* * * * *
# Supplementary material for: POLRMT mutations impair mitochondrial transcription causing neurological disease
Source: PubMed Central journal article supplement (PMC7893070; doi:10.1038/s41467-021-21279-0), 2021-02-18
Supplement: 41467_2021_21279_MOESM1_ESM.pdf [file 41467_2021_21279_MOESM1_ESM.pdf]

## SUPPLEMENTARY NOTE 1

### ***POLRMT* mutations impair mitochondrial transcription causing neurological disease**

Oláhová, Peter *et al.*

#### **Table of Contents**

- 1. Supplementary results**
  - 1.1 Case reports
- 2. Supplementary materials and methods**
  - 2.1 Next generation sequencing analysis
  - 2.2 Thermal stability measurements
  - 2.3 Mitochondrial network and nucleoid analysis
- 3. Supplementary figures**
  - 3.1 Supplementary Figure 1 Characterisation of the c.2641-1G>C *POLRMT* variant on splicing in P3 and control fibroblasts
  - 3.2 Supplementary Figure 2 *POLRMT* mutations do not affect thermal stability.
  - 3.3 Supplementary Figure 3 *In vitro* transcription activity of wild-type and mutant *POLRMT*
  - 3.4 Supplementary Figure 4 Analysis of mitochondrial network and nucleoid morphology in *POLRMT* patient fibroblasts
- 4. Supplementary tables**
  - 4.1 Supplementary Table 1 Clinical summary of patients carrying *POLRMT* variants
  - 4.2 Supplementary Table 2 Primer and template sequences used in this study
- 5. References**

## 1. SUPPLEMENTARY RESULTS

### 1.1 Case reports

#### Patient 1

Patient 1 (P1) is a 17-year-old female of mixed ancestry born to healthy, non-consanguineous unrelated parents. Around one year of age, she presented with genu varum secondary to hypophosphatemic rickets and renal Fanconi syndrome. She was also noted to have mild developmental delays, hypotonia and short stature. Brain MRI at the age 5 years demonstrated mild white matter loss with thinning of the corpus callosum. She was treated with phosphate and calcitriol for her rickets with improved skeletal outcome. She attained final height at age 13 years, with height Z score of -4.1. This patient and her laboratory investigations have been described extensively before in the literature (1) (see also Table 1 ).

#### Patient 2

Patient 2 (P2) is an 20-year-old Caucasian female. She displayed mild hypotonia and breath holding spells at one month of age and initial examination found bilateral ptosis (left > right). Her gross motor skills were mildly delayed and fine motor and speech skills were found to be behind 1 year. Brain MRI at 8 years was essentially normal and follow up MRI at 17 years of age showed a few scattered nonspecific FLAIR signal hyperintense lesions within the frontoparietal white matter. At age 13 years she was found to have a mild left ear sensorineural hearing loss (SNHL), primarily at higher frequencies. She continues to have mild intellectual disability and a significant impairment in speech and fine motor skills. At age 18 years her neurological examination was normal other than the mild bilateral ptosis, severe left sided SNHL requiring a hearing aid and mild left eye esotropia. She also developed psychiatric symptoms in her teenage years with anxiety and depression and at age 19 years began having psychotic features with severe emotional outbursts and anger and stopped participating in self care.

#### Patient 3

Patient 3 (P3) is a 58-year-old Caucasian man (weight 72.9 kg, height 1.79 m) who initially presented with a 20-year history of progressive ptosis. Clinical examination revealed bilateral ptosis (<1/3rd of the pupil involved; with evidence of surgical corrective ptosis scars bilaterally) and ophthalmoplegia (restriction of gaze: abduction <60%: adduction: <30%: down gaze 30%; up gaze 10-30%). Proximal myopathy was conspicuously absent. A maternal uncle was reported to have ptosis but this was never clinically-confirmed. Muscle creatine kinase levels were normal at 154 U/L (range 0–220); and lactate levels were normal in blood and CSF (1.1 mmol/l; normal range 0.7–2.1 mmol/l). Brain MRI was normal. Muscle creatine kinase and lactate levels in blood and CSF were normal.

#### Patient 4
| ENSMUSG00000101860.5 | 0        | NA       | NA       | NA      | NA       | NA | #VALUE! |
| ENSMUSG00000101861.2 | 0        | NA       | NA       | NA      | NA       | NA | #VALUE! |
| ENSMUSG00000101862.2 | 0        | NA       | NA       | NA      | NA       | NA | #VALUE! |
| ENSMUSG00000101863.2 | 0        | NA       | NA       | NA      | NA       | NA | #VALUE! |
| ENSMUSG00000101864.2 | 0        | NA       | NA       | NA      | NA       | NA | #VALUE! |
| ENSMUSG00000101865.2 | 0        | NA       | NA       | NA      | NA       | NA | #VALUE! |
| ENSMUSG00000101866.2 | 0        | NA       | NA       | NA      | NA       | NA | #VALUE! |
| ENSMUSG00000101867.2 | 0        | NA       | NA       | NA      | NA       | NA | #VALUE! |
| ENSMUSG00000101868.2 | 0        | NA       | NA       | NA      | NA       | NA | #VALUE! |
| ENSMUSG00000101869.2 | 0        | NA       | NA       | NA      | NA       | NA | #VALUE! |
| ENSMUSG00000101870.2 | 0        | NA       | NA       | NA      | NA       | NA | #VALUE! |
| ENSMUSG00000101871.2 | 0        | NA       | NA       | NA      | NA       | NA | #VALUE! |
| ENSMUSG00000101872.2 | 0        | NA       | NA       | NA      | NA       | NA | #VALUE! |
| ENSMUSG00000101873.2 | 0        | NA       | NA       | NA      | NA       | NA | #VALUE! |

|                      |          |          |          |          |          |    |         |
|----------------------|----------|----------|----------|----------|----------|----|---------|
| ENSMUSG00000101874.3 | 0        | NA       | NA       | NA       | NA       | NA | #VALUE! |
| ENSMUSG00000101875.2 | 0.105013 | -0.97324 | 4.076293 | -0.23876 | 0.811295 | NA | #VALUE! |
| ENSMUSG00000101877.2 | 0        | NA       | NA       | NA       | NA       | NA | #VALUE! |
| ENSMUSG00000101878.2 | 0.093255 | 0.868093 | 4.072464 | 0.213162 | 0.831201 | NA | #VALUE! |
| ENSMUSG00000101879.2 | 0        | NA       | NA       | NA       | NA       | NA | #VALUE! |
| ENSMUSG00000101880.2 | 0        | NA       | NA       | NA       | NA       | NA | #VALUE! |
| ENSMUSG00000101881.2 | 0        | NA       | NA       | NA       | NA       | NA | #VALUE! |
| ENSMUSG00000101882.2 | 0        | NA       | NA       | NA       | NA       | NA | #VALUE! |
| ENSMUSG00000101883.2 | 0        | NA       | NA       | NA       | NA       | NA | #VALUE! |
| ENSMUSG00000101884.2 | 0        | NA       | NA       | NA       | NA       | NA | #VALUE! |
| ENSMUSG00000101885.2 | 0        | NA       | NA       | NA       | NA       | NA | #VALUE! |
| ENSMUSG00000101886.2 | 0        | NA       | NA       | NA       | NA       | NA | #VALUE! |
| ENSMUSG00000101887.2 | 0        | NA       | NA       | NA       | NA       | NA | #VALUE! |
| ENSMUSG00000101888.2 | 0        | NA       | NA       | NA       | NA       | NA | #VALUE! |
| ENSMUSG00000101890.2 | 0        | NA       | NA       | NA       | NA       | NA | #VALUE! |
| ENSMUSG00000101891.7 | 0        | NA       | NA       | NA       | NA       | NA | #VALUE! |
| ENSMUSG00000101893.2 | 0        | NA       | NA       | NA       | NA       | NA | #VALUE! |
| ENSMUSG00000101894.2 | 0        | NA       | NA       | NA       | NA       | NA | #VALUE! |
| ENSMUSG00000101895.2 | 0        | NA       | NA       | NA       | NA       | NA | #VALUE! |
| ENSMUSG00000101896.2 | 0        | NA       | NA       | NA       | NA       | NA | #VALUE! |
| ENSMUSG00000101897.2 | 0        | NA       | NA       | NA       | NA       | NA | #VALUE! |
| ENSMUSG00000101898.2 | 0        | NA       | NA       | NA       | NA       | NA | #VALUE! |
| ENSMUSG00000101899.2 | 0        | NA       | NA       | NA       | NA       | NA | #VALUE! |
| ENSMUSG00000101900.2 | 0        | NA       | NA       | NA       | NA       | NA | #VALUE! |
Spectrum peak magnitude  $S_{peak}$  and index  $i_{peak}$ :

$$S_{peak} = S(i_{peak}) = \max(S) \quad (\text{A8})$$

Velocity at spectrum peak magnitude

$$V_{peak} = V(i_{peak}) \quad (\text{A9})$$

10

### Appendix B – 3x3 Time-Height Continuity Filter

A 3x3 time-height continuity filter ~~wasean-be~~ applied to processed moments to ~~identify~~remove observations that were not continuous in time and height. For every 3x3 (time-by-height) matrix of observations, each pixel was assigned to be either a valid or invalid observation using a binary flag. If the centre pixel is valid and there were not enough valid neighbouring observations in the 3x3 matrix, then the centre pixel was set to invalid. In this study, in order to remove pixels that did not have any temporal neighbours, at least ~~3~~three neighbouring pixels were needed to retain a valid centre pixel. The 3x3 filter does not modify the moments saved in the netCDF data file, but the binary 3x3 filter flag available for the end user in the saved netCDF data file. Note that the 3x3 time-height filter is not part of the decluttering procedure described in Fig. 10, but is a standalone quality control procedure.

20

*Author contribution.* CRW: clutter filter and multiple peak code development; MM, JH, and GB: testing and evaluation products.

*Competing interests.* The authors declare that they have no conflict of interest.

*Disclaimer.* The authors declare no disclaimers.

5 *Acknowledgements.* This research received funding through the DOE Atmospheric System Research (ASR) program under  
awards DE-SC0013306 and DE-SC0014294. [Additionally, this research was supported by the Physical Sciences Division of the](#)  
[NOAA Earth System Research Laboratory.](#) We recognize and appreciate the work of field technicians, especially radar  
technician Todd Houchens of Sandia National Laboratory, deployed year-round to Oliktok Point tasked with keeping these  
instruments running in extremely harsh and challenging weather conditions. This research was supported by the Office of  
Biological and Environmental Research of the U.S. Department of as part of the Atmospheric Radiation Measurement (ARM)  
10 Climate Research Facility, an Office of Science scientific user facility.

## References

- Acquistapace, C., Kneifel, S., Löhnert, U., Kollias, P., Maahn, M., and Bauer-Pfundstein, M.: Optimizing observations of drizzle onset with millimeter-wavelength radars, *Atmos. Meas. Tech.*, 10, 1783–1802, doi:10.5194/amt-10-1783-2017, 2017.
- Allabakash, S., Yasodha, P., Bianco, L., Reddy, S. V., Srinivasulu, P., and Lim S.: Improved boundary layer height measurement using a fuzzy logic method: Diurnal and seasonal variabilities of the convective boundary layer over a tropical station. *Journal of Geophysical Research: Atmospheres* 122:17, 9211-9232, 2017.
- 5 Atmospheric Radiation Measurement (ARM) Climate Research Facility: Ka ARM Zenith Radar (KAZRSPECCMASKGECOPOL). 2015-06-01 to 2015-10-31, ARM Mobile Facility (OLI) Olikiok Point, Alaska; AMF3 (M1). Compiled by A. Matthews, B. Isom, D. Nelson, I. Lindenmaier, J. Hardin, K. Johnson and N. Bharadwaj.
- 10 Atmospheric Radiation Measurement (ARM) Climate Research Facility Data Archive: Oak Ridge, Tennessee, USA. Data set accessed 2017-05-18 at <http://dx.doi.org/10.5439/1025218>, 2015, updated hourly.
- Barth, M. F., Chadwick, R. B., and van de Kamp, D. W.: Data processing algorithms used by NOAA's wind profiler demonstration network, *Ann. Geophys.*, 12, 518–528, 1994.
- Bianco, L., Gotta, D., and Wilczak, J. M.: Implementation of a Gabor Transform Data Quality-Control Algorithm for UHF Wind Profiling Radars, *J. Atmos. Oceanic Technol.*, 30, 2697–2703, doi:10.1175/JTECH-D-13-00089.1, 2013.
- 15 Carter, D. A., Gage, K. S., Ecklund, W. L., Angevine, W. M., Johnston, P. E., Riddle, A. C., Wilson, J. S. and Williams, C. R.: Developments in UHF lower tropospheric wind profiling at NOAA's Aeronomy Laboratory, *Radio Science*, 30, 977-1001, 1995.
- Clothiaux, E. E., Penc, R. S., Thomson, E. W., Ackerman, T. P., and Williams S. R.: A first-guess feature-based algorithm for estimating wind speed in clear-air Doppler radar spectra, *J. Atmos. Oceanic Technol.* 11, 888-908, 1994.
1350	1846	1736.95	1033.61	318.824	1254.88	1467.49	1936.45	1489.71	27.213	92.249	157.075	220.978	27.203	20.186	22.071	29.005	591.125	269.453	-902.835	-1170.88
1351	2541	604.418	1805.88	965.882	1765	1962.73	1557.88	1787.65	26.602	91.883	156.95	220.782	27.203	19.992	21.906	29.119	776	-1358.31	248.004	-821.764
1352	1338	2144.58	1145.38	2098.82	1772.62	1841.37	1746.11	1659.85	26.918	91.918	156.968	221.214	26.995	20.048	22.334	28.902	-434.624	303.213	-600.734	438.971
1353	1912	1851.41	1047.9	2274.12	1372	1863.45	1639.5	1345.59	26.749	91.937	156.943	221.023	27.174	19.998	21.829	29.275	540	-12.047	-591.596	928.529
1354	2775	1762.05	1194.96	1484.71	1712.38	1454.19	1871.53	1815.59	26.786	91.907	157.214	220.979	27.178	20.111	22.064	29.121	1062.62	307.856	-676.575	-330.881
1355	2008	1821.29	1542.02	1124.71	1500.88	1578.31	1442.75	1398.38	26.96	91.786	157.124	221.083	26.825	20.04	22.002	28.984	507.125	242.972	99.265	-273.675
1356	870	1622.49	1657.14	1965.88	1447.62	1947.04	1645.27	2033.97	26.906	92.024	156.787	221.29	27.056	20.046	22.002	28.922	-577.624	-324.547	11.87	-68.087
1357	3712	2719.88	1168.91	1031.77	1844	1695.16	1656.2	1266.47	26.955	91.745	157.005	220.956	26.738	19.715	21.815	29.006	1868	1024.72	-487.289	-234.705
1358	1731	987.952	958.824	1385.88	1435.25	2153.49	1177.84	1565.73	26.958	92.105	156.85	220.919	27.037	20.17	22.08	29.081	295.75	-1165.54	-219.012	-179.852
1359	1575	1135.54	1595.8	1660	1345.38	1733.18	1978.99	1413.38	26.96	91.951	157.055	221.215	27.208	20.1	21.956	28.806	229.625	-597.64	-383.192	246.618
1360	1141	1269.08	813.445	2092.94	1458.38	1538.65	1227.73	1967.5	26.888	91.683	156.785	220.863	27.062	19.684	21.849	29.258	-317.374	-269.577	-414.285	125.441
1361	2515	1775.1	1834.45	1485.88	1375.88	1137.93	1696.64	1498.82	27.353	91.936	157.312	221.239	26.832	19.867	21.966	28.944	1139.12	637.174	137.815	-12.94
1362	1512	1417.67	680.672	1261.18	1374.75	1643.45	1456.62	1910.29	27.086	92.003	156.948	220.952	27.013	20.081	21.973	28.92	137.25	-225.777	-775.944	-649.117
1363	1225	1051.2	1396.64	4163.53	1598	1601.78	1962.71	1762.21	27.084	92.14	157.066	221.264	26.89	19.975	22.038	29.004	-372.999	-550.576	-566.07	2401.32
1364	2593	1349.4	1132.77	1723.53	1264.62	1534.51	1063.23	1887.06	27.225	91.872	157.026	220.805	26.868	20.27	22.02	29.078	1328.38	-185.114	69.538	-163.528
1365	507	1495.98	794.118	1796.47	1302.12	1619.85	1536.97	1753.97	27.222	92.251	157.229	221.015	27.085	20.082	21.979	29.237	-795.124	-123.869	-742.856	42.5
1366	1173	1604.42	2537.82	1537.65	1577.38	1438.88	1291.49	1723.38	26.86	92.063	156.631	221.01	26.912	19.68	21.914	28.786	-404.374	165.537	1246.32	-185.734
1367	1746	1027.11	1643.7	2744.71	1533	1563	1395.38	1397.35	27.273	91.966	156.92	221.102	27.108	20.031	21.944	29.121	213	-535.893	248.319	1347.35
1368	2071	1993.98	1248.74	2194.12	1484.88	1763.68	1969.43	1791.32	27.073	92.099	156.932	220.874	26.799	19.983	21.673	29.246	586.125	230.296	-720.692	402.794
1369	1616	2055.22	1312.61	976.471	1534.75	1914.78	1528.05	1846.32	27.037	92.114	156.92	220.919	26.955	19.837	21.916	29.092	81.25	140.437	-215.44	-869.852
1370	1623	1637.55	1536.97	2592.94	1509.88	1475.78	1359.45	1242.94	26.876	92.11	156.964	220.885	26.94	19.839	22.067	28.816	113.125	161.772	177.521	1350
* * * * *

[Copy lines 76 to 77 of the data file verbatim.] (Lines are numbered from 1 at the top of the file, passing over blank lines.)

10

### Appendix B – 3x3 Time-Height Continuity Filter